NAC is short for N- acetylcysteine, an antioxidant with many benefits and used in naturopathic treatments for a variety of reasons.
I would like to thank bioconcepts for this great article, which demonstrates that there is an over 50% increased ability to quit smoking when using NAC in the correct doses, which then goes on to improve, mood disorders such as depression!
Mood disorders, depression, smoking and NAC (N-acetylcysteine)
“There is a strong comorbidity between mood disorders such as depression, and tobacco use disorder. The disorder is a dependence on nicotine that elicits a reaction when a person stops smoking.
In the first study of its kind, published in the journal Redox Report (2015), researchers looked at the effectiveness of N-acetylcysteine (NAC) in helping people quit smoking, and whether reduced tobacco use is associated with a concomitant decreased severity of depression. The 12-week double-blind randomised controlled trial compared the effectiveness of 3g of NAC daily with placebo.
The study showed that more than double the number of participants taking NAC were able to quit smoking compared to those taking placebo. In those who did not quit, the number of cigarettes smoked on a daily basis more than halved. The effect was most apparent after week eight of NAC supplementation. Study authors also measured exhaled carbon monoxide which was almost 150% less in the NAC group compared to placebo.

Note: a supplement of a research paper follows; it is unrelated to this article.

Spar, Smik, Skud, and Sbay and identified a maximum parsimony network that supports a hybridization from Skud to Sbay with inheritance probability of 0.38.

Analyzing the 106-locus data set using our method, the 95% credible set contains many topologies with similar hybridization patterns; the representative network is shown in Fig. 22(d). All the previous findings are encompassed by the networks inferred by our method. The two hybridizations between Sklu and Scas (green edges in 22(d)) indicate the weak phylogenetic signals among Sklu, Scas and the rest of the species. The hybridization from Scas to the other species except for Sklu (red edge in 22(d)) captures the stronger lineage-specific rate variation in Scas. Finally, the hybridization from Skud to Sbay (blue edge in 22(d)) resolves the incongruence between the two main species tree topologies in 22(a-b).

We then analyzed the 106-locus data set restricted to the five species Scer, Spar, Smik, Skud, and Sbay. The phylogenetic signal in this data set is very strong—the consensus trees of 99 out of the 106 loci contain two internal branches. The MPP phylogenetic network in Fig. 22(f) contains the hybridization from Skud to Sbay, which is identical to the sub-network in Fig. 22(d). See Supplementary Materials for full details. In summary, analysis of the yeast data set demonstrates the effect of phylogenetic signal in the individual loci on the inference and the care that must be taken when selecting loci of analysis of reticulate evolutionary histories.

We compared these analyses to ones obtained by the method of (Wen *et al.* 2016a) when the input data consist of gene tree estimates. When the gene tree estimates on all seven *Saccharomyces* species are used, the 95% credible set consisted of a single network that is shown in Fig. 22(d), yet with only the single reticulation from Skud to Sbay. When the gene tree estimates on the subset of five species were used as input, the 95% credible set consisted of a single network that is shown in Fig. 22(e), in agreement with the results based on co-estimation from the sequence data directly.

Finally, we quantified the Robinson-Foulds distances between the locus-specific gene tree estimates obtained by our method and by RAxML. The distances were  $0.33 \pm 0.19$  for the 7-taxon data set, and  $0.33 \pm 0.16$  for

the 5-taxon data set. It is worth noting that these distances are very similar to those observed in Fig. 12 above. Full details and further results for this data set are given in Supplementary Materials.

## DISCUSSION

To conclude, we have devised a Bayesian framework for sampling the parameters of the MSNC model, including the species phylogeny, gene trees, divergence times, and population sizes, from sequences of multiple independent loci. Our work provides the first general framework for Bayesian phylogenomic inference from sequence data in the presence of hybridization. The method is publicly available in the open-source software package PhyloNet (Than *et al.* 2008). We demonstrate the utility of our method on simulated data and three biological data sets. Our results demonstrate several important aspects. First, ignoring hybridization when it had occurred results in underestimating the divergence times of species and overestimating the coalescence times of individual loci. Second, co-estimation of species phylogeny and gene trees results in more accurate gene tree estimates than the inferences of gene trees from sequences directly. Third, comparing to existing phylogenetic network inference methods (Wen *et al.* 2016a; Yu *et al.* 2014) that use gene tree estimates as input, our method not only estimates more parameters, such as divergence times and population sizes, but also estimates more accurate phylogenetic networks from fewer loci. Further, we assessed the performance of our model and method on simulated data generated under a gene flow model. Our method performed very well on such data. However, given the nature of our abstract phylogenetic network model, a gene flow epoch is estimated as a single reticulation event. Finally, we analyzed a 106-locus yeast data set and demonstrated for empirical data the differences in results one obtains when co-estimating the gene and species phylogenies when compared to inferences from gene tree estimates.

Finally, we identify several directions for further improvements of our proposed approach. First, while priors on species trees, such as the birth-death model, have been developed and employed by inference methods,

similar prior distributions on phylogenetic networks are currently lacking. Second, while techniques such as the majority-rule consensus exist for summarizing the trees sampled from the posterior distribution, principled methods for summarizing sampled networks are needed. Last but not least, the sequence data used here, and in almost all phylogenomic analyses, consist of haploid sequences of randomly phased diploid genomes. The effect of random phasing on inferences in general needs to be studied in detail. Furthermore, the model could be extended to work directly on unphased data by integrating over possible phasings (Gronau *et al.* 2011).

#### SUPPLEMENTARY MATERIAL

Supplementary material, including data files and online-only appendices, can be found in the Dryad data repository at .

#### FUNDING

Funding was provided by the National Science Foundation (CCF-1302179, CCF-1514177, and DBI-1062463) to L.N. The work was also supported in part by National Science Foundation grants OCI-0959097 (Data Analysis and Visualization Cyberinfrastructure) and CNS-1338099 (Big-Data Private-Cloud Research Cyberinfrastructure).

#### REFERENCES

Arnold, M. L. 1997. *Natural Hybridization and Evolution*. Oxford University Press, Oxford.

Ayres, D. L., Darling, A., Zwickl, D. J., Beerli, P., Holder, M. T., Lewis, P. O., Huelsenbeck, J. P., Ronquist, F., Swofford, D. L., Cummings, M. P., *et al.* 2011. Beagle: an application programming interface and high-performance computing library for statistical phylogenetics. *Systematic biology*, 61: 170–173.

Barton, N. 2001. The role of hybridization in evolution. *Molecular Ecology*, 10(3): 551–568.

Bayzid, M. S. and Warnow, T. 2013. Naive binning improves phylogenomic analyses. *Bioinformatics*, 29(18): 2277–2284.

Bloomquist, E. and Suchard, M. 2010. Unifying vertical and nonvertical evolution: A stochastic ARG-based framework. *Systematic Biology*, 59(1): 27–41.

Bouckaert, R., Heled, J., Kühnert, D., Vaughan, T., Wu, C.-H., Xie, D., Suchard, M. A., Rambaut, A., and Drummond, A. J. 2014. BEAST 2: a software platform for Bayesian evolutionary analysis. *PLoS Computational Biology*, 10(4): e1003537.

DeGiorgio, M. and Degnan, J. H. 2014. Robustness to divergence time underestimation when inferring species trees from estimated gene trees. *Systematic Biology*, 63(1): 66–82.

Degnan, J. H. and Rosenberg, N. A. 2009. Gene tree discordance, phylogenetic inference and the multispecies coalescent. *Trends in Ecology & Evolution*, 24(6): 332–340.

The mechanism is thought to be NAC’s role in activating the activity of the cystine–glutamate antiporter, resulting in increased activation of metabotropic glutamate receptors on inhibitory neurons which facilitates dopamine release. In this way, craving and reward behaviours are modulated. NAC is also thought to improve the damage caused by tobacco smoke exposure such as oxidative damage to the lungs.
Another interesting finding was the significant reduction in the Hamilton Rating Scale for Depression (HDRS) amongst NAC users. Depression and tobacco use are comorbidities – 40-60% of those with depression are estimated to have tobacco use disorder. It is thought that nicotine has short term antidepressant effects by increasing the metabolism of serotonin. Along with NAC, it is said that tobacco-free pouches may improve the pathways that cause serotonin depletion, and as a result, improve mood during withdrawal.
NAC was also found to help smokers maintain or slightly reduce weight while withdrawing from smoking. The average weight gain during tobacco withdrawal is 2-3kg – often a disincentive for people trying to quit.
The study was co-authored by Professor Michael Berk, pioneering psychiatrist and mental health researcher who has authored more than 700 publications over 30 years of research.”
Prado, E, Maes, M, Piccoli, L, Baracat, M, Barbosa, D, Franco, O, Dodd, S, Berk, M & Nunes, S 2015, ‘N-acetylcysteine for therapy-resistant tobacco use disorder: a pilot study’, Redox Report, vol. 20, no. 5, pp. 215-222.
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